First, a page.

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@beautyfish Very cool. I know for me everything changed when I got a serious table saw. Bought all my tools during peak earning years before retirement. It makes all the difference in the world. I did an entertainment wall 10 ft wide with bookshelves on each side. When I installed them the measure between was off by 1/16 inch top to bottom. Good tools are wonderful.
 

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I'll second that on the table saw. IMHO the most important tool in the shop is the table saw. I got my first saw in 1971, a Craftsman cast iron 10". I upgraded to a Unisaw and now have a Powermatic 66. I still have the old Craftsman and it comes in handy when doing "production" work. I am able to keep one saw set up and use the other for ripping. Same goes for the router. I keep two mounted to an identical plate. When doing rail and stile I set each router up and just swap them out on the table. I never lose the setting, so it saves a lot of time and aggravation.
 

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when I need to do a "one-off" router cut in a project, I sort through the box of bits for the one that I need for the job . . . . usually, it is the one that I DON'T have that I "need".
Don't try to get them all at once - get them as you "think" you might need them some day.
(sort of like collecting PVC plumbing fittings; I've driven 46 miles for a special fitting that only cost $1.75).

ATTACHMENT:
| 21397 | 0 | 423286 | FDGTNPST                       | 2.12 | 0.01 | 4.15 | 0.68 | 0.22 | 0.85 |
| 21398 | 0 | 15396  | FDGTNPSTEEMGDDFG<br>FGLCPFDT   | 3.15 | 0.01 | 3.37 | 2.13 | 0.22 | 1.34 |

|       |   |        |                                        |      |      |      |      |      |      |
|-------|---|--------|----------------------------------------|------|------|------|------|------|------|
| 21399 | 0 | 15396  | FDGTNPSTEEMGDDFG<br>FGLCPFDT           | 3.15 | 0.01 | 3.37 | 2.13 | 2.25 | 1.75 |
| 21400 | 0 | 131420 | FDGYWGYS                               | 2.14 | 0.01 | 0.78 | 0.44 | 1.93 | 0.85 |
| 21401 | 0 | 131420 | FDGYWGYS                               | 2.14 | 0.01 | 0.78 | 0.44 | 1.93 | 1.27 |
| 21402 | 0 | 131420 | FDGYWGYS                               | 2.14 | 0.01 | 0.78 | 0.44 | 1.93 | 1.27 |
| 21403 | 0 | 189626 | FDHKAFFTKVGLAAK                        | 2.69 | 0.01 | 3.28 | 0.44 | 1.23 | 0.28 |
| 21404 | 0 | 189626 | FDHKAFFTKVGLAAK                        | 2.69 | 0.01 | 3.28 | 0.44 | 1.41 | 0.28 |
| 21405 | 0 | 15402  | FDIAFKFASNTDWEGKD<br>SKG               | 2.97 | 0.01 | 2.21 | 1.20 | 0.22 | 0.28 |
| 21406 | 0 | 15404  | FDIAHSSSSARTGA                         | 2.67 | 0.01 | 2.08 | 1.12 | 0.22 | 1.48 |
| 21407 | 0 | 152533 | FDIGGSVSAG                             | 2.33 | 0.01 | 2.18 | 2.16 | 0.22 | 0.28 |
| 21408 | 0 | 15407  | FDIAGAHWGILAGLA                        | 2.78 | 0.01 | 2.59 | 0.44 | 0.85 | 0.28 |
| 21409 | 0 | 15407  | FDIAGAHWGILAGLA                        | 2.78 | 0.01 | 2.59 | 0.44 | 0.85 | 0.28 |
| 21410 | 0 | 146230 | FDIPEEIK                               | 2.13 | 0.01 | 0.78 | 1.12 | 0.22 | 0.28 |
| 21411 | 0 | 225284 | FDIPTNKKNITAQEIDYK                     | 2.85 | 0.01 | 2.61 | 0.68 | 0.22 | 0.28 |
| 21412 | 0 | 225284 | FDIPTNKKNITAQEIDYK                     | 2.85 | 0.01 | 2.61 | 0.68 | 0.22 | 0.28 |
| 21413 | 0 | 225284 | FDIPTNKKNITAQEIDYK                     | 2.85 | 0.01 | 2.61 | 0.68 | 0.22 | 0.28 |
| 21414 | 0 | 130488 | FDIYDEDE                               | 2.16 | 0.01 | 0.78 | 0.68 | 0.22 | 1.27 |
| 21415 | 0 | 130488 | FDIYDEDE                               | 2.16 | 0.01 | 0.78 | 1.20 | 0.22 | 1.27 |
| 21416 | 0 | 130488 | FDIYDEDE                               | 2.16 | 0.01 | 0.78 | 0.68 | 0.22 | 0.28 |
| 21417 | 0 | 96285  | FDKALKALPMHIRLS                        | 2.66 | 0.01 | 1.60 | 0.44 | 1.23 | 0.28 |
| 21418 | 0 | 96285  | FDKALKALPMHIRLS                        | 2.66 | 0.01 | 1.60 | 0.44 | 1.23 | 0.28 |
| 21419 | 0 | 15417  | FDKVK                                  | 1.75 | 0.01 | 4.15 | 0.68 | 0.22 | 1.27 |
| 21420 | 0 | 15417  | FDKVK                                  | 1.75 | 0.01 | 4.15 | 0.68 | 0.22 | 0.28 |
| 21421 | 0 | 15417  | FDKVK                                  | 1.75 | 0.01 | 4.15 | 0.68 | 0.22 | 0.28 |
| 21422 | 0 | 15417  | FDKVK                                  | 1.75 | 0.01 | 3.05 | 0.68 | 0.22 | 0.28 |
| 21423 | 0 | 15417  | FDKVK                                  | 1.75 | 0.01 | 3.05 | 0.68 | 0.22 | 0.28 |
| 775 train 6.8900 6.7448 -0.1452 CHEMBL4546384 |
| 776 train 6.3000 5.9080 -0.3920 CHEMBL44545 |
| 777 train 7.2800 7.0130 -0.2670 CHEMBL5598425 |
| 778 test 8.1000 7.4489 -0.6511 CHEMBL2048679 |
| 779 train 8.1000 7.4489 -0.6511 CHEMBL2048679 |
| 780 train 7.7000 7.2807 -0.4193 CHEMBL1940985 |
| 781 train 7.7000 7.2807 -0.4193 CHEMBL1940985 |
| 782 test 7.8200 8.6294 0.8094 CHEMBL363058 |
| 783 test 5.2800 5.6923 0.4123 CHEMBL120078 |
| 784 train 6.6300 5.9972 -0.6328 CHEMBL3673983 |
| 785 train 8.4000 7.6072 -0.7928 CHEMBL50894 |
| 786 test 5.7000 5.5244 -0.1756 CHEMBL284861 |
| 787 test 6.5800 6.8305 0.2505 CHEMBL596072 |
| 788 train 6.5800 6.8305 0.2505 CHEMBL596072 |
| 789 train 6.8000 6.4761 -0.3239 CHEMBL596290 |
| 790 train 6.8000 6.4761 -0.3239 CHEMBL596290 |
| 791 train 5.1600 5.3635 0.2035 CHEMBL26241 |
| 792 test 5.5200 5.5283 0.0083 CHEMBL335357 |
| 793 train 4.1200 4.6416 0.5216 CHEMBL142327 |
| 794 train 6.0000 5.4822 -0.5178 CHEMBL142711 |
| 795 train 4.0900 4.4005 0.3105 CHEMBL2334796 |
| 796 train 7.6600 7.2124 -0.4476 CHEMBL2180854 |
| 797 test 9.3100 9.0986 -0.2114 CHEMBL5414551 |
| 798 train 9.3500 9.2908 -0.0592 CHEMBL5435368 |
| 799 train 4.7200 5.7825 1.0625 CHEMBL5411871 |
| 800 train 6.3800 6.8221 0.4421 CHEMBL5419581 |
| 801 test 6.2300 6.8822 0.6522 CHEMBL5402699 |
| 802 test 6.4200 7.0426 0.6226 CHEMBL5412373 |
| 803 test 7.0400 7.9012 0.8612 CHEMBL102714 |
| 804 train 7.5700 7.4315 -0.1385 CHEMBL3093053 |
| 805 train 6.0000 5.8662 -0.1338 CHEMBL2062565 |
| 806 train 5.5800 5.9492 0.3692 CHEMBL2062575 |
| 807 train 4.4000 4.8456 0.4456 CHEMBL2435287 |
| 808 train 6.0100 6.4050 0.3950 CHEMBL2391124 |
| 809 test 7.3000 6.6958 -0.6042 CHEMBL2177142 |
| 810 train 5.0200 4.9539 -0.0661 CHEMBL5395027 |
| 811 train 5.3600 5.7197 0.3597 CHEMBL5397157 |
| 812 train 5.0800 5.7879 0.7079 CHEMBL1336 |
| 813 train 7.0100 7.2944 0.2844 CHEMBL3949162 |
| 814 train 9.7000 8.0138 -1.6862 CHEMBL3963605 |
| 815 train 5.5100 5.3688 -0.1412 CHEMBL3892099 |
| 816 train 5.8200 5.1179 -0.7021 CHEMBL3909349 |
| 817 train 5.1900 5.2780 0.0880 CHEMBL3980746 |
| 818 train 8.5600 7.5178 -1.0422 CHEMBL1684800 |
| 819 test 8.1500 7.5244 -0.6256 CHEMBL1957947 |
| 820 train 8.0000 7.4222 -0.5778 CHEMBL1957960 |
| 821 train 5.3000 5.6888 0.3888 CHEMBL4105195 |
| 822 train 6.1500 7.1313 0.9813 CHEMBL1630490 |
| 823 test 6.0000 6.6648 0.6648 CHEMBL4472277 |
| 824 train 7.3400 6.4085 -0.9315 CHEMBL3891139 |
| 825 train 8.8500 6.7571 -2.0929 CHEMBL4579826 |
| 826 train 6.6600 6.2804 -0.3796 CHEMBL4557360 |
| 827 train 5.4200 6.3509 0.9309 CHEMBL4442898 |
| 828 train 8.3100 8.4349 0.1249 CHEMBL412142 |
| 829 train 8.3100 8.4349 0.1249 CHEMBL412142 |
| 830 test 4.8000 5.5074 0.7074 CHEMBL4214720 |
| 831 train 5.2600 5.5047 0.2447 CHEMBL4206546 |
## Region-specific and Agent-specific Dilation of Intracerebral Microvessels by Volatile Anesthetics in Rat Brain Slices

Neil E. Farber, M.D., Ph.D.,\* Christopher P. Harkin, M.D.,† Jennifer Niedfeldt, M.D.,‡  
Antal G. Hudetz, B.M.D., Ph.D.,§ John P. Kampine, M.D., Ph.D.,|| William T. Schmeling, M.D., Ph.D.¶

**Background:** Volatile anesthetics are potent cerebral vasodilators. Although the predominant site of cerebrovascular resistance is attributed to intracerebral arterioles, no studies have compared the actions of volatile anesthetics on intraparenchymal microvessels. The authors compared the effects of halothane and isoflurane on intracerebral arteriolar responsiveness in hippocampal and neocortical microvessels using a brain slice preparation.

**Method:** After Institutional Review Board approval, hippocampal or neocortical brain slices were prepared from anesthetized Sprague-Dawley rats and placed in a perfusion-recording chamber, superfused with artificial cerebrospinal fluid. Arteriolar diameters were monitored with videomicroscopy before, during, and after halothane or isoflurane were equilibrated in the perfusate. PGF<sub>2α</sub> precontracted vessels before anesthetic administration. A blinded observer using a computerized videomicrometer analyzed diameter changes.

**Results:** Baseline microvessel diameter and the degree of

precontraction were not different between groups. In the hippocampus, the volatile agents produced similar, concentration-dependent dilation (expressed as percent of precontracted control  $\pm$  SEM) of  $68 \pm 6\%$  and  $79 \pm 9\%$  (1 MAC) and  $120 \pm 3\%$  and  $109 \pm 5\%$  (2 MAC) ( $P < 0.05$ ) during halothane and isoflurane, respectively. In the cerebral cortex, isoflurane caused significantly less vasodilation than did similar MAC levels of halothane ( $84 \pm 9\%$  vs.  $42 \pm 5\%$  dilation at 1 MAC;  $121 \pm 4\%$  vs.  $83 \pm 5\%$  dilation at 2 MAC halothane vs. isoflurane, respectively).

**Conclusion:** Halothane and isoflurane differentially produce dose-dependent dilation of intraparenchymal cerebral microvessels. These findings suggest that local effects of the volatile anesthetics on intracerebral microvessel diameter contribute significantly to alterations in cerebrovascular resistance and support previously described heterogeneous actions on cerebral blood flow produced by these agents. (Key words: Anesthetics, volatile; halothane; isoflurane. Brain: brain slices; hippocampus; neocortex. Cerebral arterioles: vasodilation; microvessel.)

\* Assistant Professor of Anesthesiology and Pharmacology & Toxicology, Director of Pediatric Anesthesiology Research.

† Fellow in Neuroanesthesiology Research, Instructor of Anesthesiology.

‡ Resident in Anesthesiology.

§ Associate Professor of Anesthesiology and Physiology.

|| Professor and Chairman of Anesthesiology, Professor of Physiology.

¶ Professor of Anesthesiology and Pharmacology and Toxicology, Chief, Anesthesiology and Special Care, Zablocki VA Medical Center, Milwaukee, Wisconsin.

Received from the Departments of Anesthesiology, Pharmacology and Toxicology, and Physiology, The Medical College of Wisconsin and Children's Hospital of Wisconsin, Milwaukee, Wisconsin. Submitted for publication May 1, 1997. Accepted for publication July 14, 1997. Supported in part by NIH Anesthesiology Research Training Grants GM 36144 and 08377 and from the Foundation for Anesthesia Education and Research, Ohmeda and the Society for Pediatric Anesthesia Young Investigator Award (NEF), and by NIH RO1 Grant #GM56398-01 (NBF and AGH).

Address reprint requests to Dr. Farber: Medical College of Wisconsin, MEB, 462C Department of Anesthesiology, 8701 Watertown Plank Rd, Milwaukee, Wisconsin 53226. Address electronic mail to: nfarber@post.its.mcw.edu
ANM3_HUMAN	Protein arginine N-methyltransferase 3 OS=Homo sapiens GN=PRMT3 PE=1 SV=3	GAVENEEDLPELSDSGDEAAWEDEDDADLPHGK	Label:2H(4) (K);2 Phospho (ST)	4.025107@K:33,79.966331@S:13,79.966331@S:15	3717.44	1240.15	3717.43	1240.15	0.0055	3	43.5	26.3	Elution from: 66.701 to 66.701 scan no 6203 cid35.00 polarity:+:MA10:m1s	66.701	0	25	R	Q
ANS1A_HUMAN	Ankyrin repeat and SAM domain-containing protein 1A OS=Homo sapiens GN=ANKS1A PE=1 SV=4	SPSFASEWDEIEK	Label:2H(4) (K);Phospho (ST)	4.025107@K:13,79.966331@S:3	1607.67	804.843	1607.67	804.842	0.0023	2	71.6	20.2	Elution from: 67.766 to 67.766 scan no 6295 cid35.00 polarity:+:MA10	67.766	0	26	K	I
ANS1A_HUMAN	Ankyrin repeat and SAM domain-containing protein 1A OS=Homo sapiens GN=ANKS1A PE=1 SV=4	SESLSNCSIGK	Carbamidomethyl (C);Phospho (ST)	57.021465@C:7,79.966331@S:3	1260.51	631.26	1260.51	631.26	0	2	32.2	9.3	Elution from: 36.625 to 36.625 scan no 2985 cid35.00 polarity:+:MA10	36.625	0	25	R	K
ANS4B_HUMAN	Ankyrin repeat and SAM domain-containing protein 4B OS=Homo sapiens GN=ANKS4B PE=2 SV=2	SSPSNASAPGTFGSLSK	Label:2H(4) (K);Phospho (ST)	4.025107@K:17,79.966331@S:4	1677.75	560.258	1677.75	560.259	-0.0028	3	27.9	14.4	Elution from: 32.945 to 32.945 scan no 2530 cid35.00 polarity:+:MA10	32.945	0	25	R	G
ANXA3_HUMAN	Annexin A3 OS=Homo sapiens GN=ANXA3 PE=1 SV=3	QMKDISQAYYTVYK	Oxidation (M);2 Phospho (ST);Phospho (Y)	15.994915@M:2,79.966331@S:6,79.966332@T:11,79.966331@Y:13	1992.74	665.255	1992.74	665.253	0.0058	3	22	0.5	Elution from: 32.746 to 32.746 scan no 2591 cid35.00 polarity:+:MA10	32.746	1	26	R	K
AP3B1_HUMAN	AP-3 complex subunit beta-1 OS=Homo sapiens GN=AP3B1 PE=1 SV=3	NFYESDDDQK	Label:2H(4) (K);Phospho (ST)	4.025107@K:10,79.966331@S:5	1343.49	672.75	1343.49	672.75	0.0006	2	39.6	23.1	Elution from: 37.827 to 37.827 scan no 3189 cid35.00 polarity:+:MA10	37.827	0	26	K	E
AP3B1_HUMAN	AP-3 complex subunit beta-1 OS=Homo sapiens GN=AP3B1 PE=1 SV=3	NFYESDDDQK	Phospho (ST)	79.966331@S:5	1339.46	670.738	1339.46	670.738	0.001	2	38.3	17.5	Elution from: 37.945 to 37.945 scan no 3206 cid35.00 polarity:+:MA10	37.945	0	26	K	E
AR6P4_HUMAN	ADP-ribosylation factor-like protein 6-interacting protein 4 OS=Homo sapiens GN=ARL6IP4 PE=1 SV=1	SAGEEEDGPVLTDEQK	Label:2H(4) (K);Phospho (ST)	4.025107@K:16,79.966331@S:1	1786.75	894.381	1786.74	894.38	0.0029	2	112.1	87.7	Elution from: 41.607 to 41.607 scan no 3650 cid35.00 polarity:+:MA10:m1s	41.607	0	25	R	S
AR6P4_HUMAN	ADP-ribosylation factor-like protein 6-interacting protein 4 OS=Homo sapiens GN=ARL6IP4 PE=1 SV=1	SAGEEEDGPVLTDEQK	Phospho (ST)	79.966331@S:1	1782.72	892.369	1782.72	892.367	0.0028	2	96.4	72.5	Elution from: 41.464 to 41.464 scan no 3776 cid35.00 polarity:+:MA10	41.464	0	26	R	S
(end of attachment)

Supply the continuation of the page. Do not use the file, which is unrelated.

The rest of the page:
waiting for a week on a bit that you NEED is not good.
 

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In regard to my previous posts, one use of a set of cutters is to allow you to "play" with the router on scrap lumber to get some easy practice.
 

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Just musing here, but how about cutting the profile on a piece of wood, then drilling it to hold the bit that made the profile? Or if you used multiple bits, use a cutoff to record the combination of bits you used, and even color code directly on the sample cut, which bit was used for what portion of the profile. Color code by inking the name of the bit with it's corresponding color used on top of the sample.
 

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Here is my problem with "buying what you need" How do you know what you need? When making a frame I may reach for 5 or 6 bits until I get the look I want. My router use is profiles most of the time. I try to reproduce moldings that I like the look of. What I don't want to do is have to drive 10 miles to the store and spend half an hour trying to decide then driving home and repeating every time I do a project. Or worse yet order online and wait a few days. You buy the cheap kit and you have everything that you probably need. For $60 or $70 dollars It's a pretty good investment.
You should know what you need before you start a project..

A lot ofe woodworkers starting out buy and buy and years later wonder why they spent so much on things they never use..

Woodworkers want more and more and then one day they wish they has less..